Americans without health insurance rose to 12.2 percent last year, up from 10.9 percent at the end of 2016, according to new data the polling firm Gallup and digital health company Sharecare . This comes after several years of dramatic declines in the percentage of Americans who lack health insurance ― a direct result of the Affordable Care Act’s (ACA) coverage provisions.
The uninsured rate rose by statistically significant margins in Iowa and 16 other states in 2017, marking the first time since the full implementation of the ACA in 2014 that any state had a rate increase. Notably, Iowa’s uninsured rate jumped from 3.9 percent in 2016 to 7.2 percent in 2017, Gallup said, one of the largest increases in the country. That’s just short of what it was in 2013, when 9.7 percent of Iowa’s population was uninsured.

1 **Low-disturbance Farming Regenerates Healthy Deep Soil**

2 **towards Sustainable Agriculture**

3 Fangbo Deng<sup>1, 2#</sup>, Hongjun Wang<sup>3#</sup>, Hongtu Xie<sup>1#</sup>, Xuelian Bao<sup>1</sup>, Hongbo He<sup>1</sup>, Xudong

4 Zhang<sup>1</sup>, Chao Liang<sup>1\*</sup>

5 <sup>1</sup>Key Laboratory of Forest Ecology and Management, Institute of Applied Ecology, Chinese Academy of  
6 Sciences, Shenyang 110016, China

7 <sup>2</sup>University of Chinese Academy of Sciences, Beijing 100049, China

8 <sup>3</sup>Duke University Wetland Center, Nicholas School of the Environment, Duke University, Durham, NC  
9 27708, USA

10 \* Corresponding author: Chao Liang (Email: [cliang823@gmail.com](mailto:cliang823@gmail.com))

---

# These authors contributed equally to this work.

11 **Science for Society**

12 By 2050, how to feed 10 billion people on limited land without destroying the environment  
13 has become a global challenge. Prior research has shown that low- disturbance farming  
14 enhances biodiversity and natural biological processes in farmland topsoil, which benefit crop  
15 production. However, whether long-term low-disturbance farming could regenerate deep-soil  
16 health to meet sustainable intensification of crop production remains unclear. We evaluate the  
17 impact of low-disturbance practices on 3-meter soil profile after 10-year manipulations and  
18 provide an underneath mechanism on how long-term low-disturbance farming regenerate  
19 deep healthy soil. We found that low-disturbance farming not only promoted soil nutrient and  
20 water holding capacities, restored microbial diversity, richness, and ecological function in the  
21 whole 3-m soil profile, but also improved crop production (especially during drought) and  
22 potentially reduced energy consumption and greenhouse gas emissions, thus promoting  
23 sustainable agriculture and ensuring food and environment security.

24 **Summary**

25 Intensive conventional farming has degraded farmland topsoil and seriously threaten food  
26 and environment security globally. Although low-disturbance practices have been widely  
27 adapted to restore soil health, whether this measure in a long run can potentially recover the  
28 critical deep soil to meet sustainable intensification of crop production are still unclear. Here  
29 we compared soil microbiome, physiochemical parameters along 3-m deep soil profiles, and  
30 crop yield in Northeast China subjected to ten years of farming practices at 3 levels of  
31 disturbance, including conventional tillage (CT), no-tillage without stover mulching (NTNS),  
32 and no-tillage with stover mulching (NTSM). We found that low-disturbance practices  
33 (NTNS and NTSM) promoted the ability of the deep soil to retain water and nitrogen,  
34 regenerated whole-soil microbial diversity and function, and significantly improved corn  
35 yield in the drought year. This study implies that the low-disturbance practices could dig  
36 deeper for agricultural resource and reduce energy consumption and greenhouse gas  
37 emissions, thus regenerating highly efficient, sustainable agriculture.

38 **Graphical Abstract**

Gallup highlighted a few factors that may have caused the uninsured rate to increase:
- Increase in insurance premiums for the more popular ACA insurance plans
- Less marketing and a shorter enrollment period
- Insurers have withdrawn from the exchanges, leaving less competition
- Political forces such as attempts to repeal and replace the ACA, the elimination of the individual mandate and the decision to end cost-sharing reduction payments
Many health plans have stopped selling health coverage through the exchanges created four years ago under the ACA. Attempts to overturn the health law last year caused premiums to surge, as insurers expected that undoing the law’s requirement that all Americans have health insurance would leave them with a smaller and sicker pool of clients.
The repeal effort ultimately failed, but the Trump administration overturned the penalty for going without insurance, opening the door for insurers to sell cheaper, skimpier plans.
Gallup’s findings come just a week after the Commonwealth Fund published its ACA Tracking Survey, which also highlighted the increasing rate of uninsured individuals. The survey tracked coverage rates through March 2018 and found that the uninsured rate increased among adults younger than age 65 from 12.7 percent in 2016 to 15.5 percent in 2018.